It’s been a hectic last few weeks here at BurnAllZombies: those of you who know us will know why it’s been a bit quiet on the updates, but with 2010 just around the corner, updates will be coming at you so fast, you won’t know what’s hit you.
New Year’s Eve is as good a time as any to look back over some of the best of what 2009 had to over. On that note, we bring you the inaugural Burnt Zombie Awards, a run-down of the finest movies, games, music, TV and comics had to offer this year. Of course, if you disagree, we can discuss below. It’s not as if we’ll send the zombies around if we don’t agree with you…
Few films have experienced the frenzied internet marketing hype that Paranormal Activity has received in the last few months: sure, this year has also given us the phenomenal trailer to Mega Shark vs Giant Octopus (a far better experience than the film, reviewed here) and Neill Blomkamp’s debut feature District 9 proved that aliens could still rake in the cash at the box office. But the effortless success that Paranormal Activity has had in the US has kept the film riding high in terms of takings and hype. It’s even been a consistently trending topic on Twitter since even before its release.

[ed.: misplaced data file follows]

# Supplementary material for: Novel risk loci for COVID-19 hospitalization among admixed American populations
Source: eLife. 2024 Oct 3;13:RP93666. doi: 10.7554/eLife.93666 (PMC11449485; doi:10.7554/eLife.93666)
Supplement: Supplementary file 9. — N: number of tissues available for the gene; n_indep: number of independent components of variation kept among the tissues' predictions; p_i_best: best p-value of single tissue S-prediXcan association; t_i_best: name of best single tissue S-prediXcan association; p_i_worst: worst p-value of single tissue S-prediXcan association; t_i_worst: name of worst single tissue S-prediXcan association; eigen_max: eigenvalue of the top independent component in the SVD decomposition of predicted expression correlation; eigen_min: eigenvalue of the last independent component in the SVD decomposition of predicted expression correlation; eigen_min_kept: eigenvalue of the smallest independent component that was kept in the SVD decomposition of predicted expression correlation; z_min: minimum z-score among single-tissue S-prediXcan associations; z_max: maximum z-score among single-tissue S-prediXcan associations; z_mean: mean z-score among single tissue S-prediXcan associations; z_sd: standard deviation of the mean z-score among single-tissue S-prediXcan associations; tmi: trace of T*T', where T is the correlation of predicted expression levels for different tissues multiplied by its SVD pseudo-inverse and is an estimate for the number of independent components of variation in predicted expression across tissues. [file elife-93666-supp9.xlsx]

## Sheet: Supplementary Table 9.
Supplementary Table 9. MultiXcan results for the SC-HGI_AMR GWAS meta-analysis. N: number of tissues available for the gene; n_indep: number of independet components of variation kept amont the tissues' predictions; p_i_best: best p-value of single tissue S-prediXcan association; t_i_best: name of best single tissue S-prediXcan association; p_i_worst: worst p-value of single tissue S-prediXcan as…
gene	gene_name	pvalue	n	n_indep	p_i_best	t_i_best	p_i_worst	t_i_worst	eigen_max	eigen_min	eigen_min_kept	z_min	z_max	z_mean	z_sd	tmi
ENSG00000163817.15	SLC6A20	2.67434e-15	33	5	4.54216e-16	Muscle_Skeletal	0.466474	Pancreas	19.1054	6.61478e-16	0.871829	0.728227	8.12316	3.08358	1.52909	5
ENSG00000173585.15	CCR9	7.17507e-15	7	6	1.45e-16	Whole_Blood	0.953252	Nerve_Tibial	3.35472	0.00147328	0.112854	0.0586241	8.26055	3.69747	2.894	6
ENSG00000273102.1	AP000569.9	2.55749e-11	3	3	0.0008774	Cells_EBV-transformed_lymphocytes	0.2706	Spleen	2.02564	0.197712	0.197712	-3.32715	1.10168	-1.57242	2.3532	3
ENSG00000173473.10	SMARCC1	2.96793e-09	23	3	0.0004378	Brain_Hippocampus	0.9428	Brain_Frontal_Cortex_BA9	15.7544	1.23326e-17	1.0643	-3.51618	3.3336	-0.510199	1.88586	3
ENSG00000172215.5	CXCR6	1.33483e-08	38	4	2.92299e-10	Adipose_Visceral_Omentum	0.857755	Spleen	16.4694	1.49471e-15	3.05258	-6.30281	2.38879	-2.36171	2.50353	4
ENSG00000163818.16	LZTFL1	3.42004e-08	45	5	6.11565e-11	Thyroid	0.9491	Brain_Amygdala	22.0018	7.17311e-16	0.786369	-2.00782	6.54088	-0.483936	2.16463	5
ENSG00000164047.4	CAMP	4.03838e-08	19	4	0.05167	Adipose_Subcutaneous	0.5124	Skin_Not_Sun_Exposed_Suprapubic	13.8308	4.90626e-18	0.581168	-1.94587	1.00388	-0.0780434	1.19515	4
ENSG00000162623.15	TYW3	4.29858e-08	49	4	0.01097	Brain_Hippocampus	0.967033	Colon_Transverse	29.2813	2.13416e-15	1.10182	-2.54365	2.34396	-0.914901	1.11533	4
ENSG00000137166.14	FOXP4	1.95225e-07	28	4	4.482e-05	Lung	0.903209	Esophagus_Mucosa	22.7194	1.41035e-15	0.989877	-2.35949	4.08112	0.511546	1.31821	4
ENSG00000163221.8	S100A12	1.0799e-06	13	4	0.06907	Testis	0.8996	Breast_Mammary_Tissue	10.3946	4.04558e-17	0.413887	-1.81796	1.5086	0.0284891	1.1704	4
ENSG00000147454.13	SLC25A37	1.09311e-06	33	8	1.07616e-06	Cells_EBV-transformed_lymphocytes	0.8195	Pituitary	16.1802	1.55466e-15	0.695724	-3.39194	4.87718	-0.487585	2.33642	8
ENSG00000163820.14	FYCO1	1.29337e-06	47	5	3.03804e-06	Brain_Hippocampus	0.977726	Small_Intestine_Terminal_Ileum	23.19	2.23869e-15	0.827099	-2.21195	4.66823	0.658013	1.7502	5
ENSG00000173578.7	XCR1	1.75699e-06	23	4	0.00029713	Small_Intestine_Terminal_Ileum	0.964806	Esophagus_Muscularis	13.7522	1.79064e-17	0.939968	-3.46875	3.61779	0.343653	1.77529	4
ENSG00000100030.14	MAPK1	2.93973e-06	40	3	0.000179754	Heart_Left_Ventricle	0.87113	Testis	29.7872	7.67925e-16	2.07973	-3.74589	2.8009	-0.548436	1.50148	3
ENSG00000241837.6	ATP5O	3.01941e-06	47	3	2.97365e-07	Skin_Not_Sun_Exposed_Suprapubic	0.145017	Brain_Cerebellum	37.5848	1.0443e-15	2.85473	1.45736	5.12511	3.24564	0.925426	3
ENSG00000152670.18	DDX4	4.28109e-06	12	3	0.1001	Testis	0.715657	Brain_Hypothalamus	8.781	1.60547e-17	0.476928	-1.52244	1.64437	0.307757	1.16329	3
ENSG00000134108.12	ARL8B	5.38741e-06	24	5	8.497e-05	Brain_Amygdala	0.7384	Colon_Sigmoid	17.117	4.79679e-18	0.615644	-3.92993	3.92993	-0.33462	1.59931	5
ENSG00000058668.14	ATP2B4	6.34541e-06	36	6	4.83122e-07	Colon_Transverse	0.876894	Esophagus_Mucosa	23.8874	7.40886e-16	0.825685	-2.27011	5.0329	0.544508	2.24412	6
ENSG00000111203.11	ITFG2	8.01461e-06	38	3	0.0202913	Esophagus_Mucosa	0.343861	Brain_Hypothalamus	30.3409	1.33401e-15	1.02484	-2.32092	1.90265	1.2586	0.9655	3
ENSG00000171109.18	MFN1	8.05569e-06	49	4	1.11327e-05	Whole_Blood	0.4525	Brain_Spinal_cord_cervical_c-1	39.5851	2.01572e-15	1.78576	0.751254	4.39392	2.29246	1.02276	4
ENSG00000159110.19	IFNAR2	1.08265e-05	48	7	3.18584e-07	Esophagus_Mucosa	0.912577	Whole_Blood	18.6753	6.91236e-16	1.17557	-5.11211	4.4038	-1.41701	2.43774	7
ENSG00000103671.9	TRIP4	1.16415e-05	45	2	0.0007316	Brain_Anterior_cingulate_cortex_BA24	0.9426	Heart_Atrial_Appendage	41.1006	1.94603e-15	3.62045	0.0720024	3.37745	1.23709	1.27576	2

Paranormal Activity doesn’t open this side of the Atlantic until the 25th November (though you might be lucky enough to catch a paid preview screening on Friday 13th) but it was also the surprise film at this year’s Horrorthon at Dublin’s IFI, and if that screening is anything to go by, the film will prove just as successful this side of the Atlantic as in the US.
Befitting a low-budget film (costing only $15, 000 to make), the film takes a mockumentary style in which the lines between reality and the film are blurred: some text at the beginning claims that the footage was found after the events of the film, footage which is recorded on a camcorder bought to record the strange nocturnal events in the home of Micah Sloat and Katie Featherston (the actors lend their own names to the characters in the pursuit of realism.) What follows are about three weeks of footage (cut down to a little over ninety minutes) as Micah and Katie come to realise that the disturbances in their house aren’t just neighbourhood children or creaking floorboards, but a malevolent presence that doesn’t take kindly to being challenged or recorded.